- We’re not done yet — here’s a look at how President Donald Trump is casting California as a cautionary tale amid the election and how Democratic candidates Joe Biden and Kamala Harris want to make the United States more like California.
- Confused about voting by mail, how to register to vote, or something else? Check out our answers to all of your voting-related questions here.
2. Is California’s bullet train doomed?
Things aren’t looking good for California’s ambitious high-speed-rail project. Although the project was significantly downsized last year, it remains years behind schedule and is grappling with a budget shortfall of more than $1 billion amid the pandemic, leading the California High-Speed Rail Authority to launch a comprehensive reevaluation of its plans, the Los Angeles Times reports. Meanwhile, the rail authority paid more than $500 million for causing delays to various construction firms, with another $500 million claim pending. And it identified 52 “critical” problems in Fresno alone that could delay the beleaguered project even longer.
- Assemblymember Jim Frazier, a Discovery Bay Democrat: “I just want the truth. I want an independent analysis of what can be accomplished and how much it is going to cost.”
3. Will California certify peer mental health providers?
California is one of two states that don’t certify peer providers — people with their own histories of mental illness — to help others navigate similar challenges, but that could change if Newsom signs a bill headed to his desk, CalMatters’ Jocelyn Wiener reports. It’s the third time state Sen. Jim Beall, a San Jose Democrat, has tried to pass peer support certification. Prior attempts were vetoed by former Gov. Jerry Brown and by Newsom, both of whom cited increased costs to the state.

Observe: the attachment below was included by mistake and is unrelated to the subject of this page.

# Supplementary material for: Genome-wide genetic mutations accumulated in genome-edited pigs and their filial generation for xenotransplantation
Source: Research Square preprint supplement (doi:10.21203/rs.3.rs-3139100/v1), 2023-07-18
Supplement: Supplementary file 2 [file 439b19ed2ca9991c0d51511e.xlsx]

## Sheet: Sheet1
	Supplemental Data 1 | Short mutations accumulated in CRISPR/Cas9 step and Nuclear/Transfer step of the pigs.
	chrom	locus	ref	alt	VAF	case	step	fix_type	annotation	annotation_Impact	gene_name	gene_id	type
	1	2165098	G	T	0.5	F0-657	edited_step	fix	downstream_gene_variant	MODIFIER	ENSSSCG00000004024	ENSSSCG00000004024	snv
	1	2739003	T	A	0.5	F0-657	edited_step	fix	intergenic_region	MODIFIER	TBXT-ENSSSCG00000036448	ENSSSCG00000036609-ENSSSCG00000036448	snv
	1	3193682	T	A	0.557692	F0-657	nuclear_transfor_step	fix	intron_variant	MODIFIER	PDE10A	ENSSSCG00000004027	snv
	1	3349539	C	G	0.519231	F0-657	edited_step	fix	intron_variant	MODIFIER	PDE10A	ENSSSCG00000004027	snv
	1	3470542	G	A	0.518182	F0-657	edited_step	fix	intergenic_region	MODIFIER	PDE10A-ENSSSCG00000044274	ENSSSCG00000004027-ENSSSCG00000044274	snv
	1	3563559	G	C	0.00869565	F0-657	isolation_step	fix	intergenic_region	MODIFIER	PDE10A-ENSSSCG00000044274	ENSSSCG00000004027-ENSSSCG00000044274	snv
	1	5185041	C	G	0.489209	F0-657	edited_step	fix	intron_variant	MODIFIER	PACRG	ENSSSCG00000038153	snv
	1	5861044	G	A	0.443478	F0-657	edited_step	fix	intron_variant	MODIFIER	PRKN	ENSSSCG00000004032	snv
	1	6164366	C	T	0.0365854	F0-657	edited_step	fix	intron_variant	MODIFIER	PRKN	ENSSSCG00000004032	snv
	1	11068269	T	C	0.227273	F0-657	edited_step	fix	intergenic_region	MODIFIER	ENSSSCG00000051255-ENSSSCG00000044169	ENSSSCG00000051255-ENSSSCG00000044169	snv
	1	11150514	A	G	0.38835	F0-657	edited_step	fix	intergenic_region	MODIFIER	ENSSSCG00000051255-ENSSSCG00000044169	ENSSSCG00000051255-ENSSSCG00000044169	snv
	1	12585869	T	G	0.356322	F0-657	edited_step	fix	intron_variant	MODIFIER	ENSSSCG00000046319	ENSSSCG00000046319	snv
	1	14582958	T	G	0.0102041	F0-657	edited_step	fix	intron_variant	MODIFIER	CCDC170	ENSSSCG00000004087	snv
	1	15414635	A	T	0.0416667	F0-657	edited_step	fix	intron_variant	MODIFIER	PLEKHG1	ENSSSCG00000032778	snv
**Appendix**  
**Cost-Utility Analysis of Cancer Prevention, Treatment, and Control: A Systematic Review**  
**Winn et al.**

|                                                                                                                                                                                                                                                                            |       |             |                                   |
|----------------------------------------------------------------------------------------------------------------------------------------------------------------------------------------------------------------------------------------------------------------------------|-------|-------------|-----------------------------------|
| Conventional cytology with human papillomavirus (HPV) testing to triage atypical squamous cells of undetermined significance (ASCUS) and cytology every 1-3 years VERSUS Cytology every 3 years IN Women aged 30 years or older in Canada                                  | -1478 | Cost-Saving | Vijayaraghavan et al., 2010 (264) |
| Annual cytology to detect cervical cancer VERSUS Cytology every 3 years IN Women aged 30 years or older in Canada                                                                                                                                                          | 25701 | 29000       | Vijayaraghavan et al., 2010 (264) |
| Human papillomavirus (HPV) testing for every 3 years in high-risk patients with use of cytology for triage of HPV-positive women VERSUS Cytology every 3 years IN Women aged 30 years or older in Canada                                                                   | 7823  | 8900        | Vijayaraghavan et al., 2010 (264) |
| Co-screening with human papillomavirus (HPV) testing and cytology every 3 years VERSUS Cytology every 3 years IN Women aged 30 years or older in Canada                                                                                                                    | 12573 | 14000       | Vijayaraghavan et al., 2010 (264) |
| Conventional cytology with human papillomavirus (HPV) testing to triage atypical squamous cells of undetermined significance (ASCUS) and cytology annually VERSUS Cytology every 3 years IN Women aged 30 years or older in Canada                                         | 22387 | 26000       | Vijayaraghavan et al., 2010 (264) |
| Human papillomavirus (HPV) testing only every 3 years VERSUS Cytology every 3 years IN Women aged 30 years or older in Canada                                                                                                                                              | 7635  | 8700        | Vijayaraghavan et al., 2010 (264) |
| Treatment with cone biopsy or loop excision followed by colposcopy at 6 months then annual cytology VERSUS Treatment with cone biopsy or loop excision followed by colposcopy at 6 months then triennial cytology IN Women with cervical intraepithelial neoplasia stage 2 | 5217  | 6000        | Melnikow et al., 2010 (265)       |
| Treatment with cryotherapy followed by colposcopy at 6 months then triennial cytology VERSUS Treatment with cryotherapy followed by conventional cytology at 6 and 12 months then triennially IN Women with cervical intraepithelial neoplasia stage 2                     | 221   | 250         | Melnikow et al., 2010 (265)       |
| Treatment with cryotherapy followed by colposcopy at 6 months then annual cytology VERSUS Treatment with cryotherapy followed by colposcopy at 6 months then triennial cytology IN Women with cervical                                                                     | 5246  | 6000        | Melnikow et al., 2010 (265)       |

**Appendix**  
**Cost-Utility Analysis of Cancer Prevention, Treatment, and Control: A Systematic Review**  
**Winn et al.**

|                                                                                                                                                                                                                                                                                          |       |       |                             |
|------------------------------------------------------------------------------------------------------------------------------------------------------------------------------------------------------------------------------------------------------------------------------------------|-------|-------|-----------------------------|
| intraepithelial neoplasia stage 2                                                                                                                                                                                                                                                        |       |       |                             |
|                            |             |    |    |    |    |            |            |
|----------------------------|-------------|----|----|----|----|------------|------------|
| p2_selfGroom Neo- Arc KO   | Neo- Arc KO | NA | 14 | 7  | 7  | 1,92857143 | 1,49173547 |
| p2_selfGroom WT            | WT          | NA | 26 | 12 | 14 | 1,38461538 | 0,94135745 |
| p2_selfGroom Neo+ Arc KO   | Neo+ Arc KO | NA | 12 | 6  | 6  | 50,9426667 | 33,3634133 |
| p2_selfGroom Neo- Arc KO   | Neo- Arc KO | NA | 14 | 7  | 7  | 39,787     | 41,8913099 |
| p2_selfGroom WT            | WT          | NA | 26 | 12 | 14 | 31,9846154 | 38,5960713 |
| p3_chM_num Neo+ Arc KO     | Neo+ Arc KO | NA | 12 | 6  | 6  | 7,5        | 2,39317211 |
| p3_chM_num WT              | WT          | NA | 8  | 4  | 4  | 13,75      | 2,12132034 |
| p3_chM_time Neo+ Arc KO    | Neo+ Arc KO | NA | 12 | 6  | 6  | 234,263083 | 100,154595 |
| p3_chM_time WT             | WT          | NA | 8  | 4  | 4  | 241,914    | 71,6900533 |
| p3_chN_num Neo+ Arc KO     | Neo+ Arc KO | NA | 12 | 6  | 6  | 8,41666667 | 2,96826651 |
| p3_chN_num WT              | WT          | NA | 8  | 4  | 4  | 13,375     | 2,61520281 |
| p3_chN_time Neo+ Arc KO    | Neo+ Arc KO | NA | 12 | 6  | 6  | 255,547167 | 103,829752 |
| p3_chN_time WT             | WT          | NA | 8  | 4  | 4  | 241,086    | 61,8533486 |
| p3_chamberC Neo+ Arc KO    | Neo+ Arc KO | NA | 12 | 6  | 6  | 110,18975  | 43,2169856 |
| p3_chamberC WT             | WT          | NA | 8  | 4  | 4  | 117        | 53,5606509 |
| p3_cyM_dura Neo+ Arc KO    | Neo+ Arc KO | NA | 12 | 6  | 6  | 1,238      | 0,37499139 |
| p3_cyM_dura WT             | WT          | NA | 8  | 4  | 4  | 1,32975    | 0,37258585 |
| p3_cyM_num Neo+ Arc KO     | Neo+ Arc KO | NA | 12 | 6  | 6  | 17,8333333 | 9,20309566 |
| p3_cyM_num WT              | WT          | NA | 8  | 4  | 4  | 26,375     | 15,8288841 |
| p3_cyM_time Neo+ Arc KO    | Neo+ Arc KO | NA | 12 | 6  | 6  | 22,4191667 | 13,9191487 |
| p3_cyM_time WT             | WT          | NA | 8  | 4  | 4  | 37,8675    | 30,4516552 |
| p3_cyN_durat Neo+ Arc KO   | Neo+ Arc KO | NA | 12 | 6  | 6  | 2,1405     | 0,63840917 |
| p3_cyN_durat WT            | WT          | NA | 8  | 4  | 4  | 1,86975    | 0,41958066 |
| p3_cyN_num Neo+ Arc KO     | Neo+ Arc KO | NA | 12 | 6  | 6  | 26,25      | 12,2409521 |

- Beall: “It’s almost unconscionable to not have boots on the ground helping people that lived like experiences. … It’s not understandable why they don’t want to spend a little bit of money to get this thing going.”
- Peter Murphy of the peer-led Mental Health Association of San Francisco: “What drives me is that I don’t want anyone to feel like they have no voice. A lot of the time I felt like I had no voice. I felt ashamed of having mental health issues. And I want people to know they don’t have to feel that way. There are people that have walked in their shoes.”
4. The complications of distributing a COVID vaccine in California
Just another challenge California has to prepare for: distributing a coronavirus vaccine to millions of residents — potentially as soon as Nov. 1, under an urgent new request from the federal government, CalMatters’ Barbara Feder Ostrov reports. The request has alarmed public health experts, who fear that federal authorities may be under pressure from President Donald Trump to approve a vaccine before it is adequately studied for safety and effectiveness. Nevertheless, as the Golden State starts its vaccine planning, health officials are staring down a series of immense logistical challenges. Not only do Californians speak 220 languages and live in 58 counties that stretch across 164,000 square miles, there is also significant political polarization, with recent polls showing that one in three Americans would decline an FDA-approved coronavirus vaccine. And then there’s the question of which people and regions should be prioritized for the vaccine first.